Many Texans are still reeling from the devastating effects of Hurricane Harvey, including severe flooding and wind damage losses. Unfortunately, the weather conditions that brought three major hurricanes to land in the United States in 2017 are expected to continue this summer. Attorney Bill Voss explores 2018 hurricane predictions and advises residents and property owners on ways to protect themselves from further hurricane losses.
Dangerous Weather Ahead in the 2018 Hurricane Season
Last year, three hurricanes made history when they made landfall in the U.S. When the debris settled and waters receded, Harvey, Irma, and Maria were ranked among the top five costliest storms in America’s history. Sea surface temperatures in the tropical Atlantic, a major factor in hurricane formations, were near record high levels during 2017—and are still currently warmer than average. If they continue to rise, the hurricane season, stretching from June through November 2018, may be just as busy as last year.
Colorado State University, which issues a seasonal hurricane forecast for the Atlantic region each spring, recently released early predictions for the 2018 hurricane season:
- Forecasters say they expect 14 named storms in the 2018 season, slightly above the national average of 12 named storms. The U.S. saw 17 named storms in 2017.
- The storms forecasted include seven hurricanes and three major hurricanes, slightly less than 2017’s ten hurricanes and six major hurricanes.
- Of the three major hurricanes expected in the Atlantic, CSU researchers estimate a 63 percent probability of at least one of these making landfall on the continental U.S. This probability is noticeably higher than the average of 52 percent.
- CSU will update its figures after further analysis of weather conditions, and the National Oceanic and Atmospheric Administration has yet to release its predictions. Both updated hurricane forecasts are expected in late May.
How to Prepare for Hurricane Season in Texas
Even if the forecast is several months early, coastal residents are advised to take steps now to minimize the risks to their lives and the loss of their property. Regardless of how many hurricanes are predicted, it only takes one storm making landfall to turn your life upside-down.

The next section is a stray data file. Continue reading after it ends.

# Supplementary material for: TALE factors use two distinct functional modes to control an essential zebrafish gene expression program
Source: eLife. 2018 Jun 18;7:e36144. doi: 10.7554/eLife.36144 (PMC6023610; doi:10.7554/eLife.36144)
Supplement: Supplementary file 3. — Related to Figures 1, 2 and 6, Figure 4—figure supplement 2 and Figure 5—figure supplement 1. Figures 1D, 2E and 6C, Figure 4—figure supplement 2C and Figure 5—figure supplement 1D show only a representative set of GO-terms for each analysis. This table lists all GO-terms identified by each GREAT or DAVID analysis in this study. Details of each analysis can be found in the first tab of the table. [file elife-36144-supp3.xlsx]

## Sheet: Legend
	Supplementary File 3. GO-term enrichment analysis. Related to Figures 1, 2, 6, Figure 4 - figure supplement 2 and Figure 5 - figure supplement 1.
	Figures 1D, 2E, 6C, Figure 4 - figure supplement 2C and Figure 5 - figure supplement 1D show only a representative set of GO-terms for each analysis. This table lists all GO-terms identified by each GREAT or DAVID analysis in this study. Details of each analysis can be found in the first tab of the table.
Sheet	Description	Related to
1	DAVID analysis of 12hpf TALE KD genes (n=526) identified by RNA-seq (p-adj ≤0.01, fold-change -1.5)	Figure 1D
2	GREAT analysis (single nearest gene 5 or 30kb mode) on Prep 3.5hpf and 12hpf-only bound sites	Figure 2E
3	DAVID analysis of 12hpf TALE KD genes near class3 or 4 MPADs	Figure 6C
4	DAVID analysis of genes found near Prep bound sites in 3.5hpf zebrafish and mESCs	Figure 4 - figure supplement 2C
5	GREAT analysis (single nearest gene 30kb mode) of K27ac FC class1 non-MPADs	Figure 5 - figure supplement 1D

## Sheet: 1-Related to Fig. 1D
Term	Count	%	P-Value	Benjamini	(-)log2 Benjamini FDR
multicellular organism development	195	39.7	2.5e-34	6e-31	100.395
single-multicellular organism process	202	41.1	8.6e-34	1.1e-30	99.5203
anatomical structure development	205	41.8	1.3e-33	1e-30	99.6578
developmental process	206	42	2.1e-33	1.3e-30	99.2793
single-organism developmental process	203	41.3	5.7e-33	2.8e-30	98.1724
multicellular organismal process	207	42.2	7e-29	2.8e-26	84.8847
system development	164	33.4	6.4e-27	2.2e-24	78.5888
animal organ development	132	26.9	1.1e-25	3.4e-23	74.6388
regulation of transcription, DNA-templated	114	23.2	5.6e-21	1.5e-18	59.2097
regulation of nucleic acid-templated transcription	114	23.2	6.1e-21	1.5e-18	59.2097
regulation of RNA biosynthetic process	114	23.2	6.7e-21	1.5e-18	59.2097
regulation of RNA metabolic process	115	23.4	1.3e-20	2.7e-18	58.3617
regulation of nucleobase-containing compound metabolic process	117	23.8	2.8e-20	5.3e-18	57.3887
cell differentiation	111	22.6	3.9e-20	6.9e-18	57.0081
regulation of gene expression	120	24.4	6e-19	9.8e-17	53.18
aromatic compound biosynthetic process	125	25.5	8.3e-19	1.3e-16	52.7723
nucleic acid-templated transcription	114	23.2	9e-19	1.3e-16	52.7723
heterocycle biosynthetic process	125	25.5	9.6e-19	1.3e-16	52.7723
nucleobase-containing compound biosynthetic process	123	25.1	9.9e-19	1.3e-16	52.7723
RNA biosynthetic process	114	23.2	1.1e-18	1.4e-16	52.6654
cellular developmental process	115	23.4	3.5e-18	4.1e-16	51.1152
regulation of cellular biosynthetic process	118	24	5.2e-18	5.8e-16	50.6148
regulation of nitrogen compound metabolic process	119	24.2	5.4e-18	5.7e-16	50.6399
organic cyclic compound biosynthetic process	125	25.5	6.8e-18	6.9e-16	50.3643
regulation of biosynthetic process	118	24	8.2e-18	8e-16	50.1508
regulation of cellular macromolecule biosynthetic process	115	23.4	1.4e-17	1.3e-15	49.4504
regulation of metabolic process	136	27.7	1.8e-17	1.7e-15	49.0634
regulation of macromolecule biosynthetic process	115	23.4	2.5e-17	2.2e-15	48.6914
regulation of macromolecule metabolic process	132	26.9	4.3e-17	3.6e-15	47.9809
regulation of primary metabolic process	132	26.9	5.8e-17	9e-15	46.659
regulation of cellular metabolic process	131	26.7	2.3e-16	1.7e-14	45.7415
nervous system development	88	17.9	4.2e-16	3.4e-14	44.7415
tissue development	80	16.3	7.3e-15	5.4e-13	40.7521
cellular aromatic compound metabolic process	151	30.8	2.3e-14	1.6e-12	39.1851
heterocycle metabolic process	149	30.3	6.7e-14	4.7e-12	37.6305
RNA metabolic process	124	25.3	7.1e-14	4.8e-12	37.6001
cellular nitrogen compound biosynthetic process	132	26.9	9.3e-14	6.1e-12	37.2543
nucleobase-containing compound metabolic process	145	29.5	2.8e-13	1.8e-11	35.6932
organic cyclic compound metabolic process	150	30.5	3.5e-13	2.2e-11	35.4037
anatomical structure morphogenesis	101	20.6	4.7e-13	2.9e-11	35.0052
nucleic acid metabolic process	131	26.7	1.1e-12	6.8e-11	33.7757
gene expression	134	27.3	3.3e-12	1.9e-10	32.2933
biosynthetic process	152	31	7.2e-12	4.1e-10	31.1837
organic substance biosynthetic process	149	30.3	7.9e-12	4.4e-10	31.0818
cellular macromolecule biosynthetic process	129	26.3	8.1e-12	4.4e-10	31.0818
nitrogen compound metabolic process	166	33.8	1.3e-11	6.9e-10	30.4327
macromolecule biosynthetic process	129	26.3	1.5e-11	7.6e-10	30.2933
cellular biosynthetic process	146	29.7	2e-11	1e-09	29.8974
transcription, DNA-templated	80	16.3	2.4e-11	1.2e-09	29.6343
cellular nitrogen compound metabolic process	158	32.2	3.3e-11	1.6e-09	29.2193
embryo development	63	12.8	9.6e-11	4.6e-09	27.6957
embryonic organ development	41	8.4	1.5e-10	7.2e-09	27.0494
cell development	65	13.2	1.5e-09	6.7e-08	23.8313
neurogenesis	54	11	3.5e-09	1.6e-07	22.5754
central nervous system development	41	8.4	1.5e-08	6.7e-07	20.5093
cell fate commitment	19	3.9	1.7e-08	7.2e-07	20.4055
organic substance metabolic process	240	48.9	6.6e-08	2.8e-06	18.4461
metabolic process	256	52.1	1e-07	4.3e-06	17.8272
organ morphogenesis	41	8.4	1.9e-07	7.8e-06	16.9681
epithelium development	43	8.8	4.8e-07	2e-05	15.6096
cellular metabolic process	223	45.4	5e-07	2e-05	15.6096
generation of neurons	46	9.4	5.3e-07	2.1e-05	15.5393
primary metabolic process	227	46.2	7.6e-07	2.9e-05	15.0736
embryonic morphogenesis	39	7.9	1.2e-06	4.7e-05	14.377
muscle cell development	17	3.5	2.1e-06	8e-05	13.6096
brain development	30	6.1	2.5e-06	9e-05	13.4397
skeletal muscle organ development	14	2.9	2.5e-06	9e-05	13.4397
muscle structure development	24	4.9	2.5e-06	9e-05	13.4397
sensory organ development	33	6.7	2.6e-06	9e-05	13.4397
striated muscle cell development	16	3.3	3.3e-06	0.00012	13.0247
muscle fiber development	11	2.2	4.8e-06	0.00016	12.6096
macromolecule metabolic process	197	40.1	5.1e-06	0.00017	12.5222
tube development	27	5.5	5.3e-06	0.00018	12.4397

Texans can significantly minimize their losses before the storm season hits by:
- Staying updated. Hurricane season stretches into the fall season, with the majority of storms occurring between August and October. Once a tropical storm or hurricane has been identified, check the location and storm path regularly, and do not hesitate to evacuate if the storm is predicted to make landfall near you.
- Preparing for the worst. Take a tour of your property as if a severe storm is on its way. Make an inventory of all appliances and serial numbers in case they are damaged, and install storm shutters in case you need to leave quickly. Is there anything that cannot be replaced if the building is flooded or collapses? Consider relocating any family heirlooms or valuables offsite until the storms pass. If you have not backed up your electronic files or scanned and made digital copies of photos, now is a good time to do so.
- Updating their coverage. The best way to prevent significant loss is to make sure your insurance coverage is sufficient to repair the damage after a storm. Check your policies now, including homeowner’s policies, commercial property insurance, and auto coverage. Add any coverage that may be lacking. Standard policies rarely pay for damage caused by flooding, so if you have not already purchased flood insurance through the National Flood Insurance Program, now is a good time to do so.
Insurers are often slow to respond to claims made after major disasters, but our experienced insurance attorneys know how to get claimants the maximum they are owed for their losses. If you are still fighting to get fair payment after a storm, fill out the form on this page today to contact the Voss Law Firm or order a free copy of our book, Commercial Property Owners Must Read This BEFORE Filing an Insurance Claim.